As a smaller institution, in member numbers, compared to some, I wish to make CICES known as the ‘Friendly Institution’ where members’ views really count. The future lies with our younger members. The immediate past President, Ian Cowling, set up the ‘2040 forum’, a group of younger members, to help the institution through the next twenty or so years. So much so, that every Institution committee now has a member of the 2040 forum sitting on it, adding their often thought-provoking views to the discussions.
One area where CICES can make a difference is in improving safety and reducing reputational risks associated with underground service strikes. The idea of poorly trained staff undertaking this type of work makes me very nervous and CICES have now produced a set of competencies associated with ‘Utilities and subsurface mapping’ with the aim of making the CICES the natural institutional home for Utilities and Subsurface mapping surveyors.
The Institution is very concerned about geospatial education in the UK and is putting a paper to the Geospatial Commission that has the consensus of the industry and other interested parties to highlight the inconsistencies and disconnects in the current situation and seeking some assistance to help things. This looks across the age ranges from primary right through to tertiary education.
The Future in the 4th Industrial Revolution
Many GW readers will be very aware of many aspects of the so-called ’4th Industrial Revolution’ which is now upon us. Virtual reality is becoming commonplace and can help stakeholders visualise city or infrastructure scenarios more clearly and support decision-making. Companies should ask themselves 'Is the data you collect fit for virtual reality and would your clients like it to be?'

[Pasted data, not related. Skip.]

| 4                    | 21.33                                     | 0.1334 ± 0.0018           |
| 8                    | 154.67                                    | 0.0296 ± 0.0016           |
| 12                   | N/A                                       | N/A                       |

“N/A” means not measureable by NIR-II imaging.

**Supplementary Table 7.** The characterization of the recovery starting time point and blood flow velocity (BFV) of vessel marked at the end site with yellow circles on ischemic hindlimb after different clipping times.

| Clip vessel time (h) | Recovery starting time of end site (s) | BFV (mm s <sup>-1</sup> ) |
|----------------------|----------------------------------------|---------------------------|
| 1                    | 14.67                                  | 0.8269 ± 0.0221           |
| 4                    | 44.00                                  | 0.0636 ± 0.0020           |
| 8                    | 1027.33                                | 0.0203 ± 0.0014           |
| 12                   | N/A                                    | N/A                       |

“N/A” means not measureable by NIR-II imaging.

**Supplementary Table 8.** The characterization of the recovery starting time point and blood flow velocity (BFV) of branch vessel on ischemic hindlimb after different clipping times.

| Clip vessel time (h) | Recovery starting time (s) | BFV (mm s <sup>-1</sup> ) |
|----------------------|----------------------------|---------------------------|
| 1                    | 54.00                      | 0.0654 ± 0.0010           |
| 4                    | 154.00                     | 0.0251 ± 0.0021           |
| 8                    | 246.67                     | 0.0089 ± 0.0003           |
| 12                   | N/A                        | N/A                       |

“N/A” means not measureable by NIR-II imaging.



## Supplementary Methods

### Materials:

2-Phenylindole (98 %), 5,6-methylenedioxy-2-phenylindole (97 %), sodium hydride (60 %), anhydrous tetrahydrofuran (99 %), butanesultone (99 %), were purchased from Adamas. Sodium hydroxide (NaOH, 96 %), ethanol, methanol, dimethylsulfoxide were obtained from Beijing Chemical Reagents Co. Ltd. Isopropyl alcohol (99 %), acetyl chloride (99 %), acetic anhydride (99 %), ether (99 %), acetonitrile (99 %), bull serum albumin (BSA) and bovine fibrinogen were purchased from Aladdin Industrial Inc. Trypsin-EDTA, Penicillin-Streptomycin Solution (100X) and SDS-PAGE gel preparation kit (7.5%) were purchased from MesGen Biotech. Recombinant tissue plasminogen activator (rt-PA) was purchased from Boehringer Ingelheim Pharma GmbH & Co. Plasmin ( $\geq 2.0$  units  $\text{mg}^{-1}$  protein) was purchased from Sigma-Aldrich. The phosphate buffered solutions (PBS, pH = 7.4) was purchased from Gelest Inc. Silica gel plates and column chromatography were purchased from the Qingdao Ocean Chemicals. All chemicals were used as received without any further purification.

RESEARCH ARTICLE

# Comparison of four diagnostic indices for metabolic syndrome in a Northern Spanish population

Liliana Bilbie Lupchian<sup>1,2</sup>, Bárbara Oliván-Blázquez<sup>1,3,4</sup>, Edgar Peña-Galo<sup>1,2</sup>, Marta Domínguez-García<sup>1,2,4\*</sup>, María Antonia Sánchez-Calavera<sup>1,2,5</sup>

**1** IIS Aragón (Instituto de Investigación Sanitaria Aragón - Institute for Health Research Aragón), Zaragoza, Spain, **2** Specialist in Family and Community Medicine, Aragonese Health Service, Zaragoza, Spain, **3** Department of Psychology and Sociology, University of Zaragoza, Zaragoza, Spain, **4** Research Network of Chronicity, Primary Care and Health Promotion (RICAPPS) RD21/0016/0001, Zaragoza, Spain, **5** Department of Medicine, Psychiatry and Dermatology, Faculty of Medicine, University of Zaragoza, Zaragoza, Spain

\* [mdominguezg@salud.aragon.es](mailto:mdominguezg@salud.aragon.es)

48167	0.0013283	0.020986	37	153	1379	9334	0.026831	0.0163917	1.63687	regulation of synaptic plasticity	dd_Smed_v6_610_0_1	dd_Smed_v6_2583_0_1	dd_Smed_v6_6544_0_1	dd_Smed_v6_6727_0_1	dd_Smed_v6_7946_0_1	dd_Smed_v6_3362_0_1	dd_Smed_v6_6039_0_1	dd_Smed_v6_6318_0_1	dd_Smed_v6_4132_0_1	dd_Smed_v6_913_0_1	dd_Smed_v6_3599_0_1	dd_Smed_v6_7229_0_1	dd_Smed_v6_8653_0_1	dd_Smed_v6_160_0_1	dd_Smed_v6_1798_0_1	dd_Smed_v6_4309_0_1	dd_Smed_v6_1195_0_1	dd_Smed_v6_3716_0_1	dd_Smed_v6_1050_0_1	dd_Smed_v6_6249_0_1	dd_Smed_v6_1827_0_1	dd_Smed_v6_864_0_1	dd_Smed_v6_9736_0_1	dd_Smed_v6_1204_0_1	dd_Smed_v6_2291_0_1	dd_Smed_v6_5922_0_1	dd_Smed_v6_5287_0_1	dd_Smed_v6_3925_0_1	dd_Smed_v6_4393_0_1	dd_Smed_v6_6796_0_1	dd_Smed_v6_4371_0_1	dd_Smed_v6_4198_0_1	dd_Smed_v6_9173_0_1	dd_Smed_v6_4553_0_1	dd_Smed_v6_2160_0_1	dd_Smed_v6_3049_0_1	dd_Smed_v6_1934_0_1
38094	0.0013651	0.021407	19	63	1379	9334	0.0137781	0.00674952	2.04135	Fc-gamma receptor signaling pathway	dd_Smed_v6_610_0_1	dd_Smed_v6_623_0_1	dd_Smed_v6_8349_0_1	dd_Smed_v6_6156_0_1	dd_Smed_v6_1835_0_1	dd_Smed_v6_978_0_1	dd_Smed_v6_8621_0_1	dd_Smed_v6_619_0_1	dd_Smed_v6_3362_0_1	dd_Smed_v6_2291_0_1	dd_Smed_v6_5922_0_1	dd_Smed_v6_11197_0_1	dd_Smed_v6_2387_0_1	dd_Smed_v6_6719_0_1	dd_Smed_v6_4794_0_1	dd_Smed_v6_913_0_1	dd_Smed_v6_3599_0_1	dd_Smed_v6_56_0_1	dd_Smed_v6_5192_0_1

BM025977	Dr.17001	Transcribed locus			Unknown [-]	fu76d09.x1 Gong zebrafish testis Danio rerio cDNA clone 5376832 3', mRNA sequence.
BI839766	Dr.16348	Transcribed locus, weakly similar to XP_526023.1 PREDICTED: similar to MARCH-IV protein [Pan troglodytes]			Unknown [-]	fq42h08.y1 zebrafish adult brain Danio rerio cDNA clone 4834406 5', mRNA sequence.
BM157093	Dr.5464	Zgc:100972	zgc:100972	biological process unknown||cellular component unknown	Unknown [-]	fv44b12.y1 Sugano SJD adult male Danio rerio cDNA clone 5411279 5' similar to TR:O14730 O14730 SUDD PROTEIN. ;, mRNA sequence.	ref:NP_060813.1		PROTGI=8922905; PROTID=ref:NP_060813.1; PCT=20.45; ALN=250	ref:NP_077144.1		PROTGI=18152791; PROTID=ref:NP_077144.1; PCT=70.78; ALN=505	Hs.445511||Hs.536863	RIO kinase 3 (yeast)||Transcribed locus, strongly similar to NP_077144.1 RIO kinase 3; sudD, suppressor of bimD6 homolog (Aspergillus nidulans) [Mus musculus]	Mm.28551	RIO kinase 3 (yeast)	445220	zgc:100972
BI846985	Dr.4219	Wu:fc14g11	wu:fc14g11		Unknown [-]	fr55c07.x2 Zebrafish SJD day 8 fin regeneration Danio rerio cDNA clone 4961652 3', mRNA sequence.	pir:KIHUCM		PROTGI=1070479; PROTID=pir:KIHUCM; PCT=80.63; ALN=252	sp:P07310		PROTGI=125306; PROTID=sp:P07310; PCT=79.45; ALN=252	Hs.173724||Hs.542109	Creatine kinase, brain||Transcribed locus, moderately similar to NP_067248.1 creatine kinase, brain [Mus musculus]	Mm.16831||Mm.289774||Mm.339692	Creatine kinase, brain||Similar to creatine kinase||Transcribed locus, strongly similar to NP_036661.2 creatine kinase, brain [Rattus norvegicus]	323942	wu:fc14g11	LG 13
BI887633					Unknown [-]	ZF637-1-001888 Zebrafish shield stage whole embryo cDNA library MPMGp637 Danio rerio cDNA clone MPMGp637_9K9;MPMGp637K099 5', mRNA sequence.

Recent initiatives like ICE Project 13 and the National Infrastructure Commission’s digital twin proposals have set out the principles for change and a vision for the future; in particular, the need for greater collaboration and enterprise. An ICE special report in the autumn of 2018 implied that “there will be a new division of labour between humans and artificial intelligence (machines and algorithms).”
In my market sector, big data and analytics of the railway track data combining numerous datasets are used to provide information for maintenance. Interpreting data provided by the increasing amount of technology is becoming the norm. There will be many sensors and devices connected in the future. From streetlights to bins, bikes and street furniture. The same report predicts that the number of smart devices will jump from 27 billion now to 125 billion by 2030.